In 30 years of law enforcement work, Oakwood Police Chief Randall Moon’s closest call came last month.
While approaching a scene on Oakwood Hills Drive on Feb. 2, Moon and other officers faced a shotgun blast shot through a man’s front door.
“I’m eligible for retirement and you think about that and you’re like, ‘My God, why am I out here? What am I doing?’” Moon said. “And that’s what I’m thinking when I’m crouched down. ... ‘What am I doing? Thirty years. Quit man, geez.’ I just love it too much.”
No one was injured in the incident, and an Oakwood man was charged after dispatchers convinced him to drop his weapon.
“It was a combination of an effort between our dispatchers and our officers that brought everybody home safe that day,” Oakwood investigator Todd Templeton said.
Moon, Templeton and Cpl. Tal Parden approached the scene after receiving a call about a man off his medications and with a weapon.
“You really don’t have time to be scared,” Moon said. “You just have to react. And you not only have to react to the shooter, but you have to react to your officers as well and take control.”
Parden, who served four years of active duty in the Marines, including a deployment during the Gulf War, grabbed an AR-15 rife out of his patrol car.
Training kicks in, Moon said, such as knowing to take protective cover behind an SUV and remain calm. Moon told officers to stand down from firing into the residence and keep away from the front door.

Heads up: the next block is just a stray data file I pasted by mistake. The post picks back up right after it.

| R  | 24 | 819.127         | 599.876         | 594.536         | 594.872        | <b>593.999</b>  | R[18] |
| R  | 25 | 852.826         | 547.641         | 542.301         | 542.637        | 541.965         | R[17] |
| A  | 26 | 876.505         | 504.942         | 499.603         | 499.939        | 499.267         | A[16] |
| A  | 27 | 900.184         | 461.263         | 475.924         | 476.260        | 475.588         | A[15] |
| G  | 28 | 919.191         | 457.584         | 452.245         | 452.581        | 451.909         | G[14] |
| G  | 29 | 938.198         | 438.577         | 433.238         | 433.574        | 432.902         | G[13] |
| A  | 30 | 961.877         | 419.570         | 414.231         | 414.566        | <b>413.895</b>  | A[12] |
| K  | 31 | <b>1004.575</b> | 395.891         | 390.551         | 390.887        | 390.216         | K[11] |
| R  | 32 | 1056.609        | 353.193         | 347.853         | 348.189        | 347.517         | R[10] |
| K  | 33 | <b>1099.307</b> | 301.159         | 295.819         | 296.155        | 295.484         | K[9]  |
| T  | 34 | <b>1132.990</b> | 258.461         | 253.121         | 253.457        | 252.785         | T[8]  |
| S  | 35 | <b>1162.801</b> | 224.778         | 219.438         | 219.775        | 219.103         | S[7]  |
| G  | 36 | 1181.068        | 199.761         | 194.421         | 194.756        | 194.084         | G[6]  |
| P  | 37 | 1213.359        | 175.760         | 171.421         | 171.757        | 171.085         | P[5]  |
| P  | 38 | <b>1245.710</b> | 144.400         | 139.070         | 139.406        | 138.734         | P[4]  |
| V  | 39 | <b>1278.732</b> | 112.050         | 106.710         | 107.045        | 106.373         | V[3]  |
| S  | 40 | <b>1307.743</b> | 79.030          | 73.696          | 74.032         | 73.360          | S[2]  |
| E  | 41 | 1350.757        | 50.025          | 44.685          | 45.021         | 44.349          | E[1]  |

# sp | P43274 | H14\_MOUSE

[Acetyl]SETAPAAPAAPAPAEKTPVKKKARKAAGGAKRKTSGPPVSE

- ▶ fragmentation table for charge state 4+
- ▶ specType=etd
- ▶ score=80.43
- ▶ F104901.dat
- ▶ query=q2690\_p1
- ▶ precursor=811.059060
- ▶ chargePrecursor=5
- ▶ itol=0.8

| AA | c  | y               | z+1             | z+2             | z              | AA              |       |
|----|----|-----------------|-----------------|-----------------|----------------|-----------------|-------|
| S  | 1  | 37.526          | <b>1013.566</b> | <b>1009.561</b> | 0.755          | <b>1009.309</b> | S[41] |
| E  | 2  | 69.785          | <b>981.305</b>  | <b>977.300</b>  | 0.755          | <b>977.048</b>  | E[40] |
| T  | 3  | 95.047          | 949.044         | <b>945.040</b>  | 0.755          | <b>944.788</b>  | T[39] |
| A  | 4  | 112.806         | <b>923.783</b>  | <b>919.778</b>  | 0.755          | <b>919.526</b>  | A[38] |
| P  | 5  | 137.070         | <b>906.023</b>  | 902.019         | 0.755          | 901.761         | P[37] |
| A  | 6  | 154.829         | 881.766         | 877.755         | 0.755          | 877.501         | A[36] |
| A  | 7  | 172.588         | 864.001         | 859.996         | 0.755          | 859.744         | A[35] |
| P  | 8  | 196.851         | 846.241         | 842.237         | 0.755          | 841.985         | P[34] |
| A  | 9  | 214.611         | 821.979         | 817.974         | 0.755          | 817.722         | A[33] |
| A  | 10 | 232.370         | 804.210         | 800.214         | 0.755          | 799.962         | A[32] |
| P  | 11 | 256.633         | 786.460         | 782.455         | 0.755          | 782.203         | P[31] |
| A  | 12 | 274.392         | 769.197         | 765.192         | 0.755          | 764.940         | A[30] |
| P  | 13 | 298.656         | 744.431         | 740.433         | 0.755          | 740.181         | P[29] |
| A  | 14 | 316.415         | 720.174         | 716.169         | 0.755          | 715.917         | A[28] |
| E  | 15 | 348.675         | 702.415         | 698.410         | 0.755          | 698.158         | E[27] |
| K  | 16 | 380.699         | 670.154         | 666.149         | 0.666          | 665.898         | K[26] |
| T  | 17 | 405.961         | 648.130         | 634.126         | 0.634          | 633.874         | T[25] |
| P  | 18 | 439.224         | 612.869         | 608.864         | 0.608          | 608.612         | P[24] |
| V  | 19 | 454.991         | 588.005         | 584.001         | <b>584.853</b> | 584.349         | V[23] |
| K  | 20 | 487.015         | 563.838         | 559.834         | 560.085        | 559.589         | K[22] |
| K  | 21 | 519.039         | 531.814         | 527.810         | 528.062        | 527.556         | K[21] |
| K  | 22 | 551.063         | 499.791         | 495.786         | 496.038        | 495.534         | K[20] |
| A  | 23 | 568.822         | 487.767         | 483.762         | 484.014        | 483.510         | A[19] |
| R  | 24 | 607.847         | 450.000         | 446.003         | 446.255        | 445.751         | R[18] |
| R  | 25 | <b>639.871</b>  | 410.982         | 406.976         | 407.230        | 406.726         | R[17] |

The heads-up from dispatch and seeing the man re-enter the home, Templeton said, helped keep officers safe.
“Had it been a rookie officer or somebody else, they probably would have gone up there, knocked on the door and been shot,” Moon said. “We were pretty fortunate.”
Once the situation settles, officers find a way to unwind and process the events from a high-pressure scene.
“We offer officers any kind of psychological counseling or even a preacher, if that’s what they want,” Moon said.
After officers arrested the suspect, they and Moon sat on the steps and talked through their decisions and consequences.
The moment doesn’t last long, however.
“Instead of having a chance to unwind and take a deep breath, while that officer takes him to jail, I immediately go to start answering an accident,” Moon said. “When I get out and apologize to the people for being late to the accident, they’re real smart-alecky. ... You want so bad to say, ‘Look, I just got shot at, and now I’m over here working a wreck. What do you want?’”
The process for Parden takes around three hours to think through what just happened.
“You’ve got to just accept what just happened, run it through your mind and hopefully you can just get rid of it,” he said.
While the standoff doesn’t change how Moon and Templeton approach each new scene, it’s something they keep in mind.
“It’s a reality check. You realize just exactly how much bad is out there in the world and what can happen and change in a matter of minutes,” Templeton said.